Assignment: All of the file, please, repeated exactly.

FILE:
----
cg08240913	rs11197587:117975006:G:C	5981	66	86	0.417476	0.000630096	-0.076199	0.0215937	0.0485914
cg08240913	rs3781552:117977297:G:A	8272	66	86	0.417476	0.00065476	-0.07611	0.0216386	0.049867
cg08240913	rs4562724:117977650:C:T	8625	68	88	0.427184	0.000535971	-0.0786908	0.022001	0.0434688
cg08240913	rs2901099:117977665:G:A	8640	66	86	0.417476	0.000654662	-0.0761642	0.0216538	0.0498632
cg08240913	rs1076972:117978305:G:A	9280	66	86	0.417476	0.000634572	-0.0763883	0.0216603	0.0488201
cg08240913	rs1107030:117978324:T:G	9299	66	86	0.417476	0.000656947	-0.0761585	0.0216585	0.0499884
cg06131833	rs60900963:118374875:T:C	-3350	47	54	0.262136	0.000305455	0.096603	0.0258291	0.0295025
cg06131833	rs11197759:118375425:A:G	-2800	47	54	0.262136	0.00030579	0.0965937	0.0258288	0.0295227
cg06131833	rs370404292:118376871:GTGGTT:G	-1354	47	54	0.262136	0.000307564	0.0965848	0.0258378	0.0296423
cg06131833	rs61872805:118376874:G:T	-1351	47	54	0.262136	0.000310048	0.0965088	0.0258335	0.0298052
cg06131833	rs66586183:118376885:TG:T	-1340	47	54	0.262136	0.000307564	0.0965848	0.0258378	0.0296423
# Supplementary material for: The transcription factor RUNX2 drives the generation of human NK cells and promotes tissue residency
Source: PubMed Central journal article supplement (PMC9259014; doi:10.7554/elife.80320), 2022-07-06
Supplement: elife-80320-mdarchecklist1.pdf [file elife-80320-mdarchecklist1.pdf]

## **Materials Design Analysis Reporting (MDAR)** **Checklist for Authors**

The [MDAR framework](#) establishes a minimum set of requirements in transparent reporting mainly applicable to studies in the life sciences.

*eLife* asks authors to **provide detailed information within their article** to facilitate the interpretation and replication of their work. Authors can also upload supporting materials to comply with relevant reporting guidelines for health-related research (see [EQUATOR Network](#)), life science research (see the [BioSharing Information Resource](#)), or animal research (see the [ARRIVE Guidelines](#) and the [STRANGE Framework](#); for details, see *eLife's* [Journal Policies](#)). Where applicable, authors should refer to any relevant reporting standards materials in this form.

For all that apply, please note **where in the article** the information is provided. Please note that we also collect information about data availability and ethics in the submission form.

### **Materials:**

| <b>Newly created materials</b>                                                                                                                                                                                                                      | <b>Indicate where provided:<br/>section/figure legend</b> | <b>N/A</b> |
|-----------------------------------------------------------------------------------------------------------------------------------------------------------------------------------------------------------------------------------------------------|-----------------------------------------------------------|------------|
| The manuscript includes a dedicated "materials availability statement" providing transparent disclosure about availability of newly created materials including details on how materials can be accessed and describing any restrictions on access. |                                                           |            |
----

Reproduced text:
cg08240913	rs11197587:117975006:G:C	5981	66	86	0.417476	0.000630096	-0.076199	0.0215937	0.0485914
cg08240913	rs3781552:117977297:G:A	8272	66	86	0.417476	0.00065476	-0.07611	0.0216386	0.049867
cg08240913	rs4562724:117977650:C:T	8625	68	88	0.427184	0.000535971	-0.0786908	0.022001	0.0434688
cg08240913	rs2901099:117977665:G:A	8640	66	86	0.417476	0.000654662	-0.0761642	0.0216538	0.0498632
cg08240913	rs1076972:117978305:G:A	9280	66	86	0.417476	0.000634572	-0.0763883	0.0216603	0.0488201
cg08240913	rs1107030:117978324:T:G	9299	66	86	0.417476	0.000656947	-0.0761585	0.0216585	0.0499884
cg06131833	rs60900963:118374875:T:C	-3350	47	54	0.262136	0.000305455	0.096603	0.0258291	0.0295025
cg06131833	rs11197759:118375425:A:G	-2800	47	54	0.262136	0.00030579	0.0965937	0.0258288	0.0295227
cg06131833	rs370404292:118376871:GTGGTT:G	-1354	47	54	0.262136	0.000307564	0.0965848	0.0258378	0.0296423
cg06131833	rs61872805:118376874:G:T	-1351	47	54	0.262136	0.000310048	0.0965088	0.0258335	0.0298052
cg06131833	rs66586183:118376885:TG:T	-1340	47	54	0.262136	0.000307564	0.0965848	0.0258378	0.0296423
# Supplementary material for: The transcription factor RUNX2 drives the generation of human NK cells and promotes tissue residency
Source: PubMed Central journal article supplement (PMC9259014; doi:10.7554/elife.80320), 2022-07-06
Supplement: elife-80320-mdarchecklist1.pdf [file elife-80320-mdarchecklist1.pdf]

## **Materials Design Analysis Reporting (MDAR)** **Checklist for Authors**

The [MDAR framework](#) establishes a minimum set of requirements in transparent reporting mainly applicable to studies in the life sciences.

*eLife* asks authors to **provide detailed information within their article** to facilitate the interpretation and replication of their work. Authors can also upload supporting materials to comply with relevant reporting guidelines for health-related research (see [EQUATOR Network](#)), life science research (see the [BioSharing Information Resource](#)), or animal research (see the [ARRIVE Guidelines](#) and the [STRANGE Framework](#); for details, see *eLife's* [Journal Policies](#)). Where applicable, authors should refer to any relevant reporting standards materials in this form.

For all that apply, please note **where in the article** the information is provided. Please note that we also collect information about data availability and ethics in the submission form.

### **Materials:**

| <b>Newly created materials</b>                                                                                                                                                                                                                      | <b>Indicate where provided:<br/>section/figure legend</b> | <b>N/A</b> |
|-----------------------------------------------------------------------------------------------------------------------------------------------------------------------------------------------------------------------------------------------------|-----------------------------------------------------------|------------|
| The manuscript includes a dedicated "materials availability statement" providing transparent disclosure about availability of newly created materials including details on how materials can be accessed and describing any restrictions on access. |                                                           |            |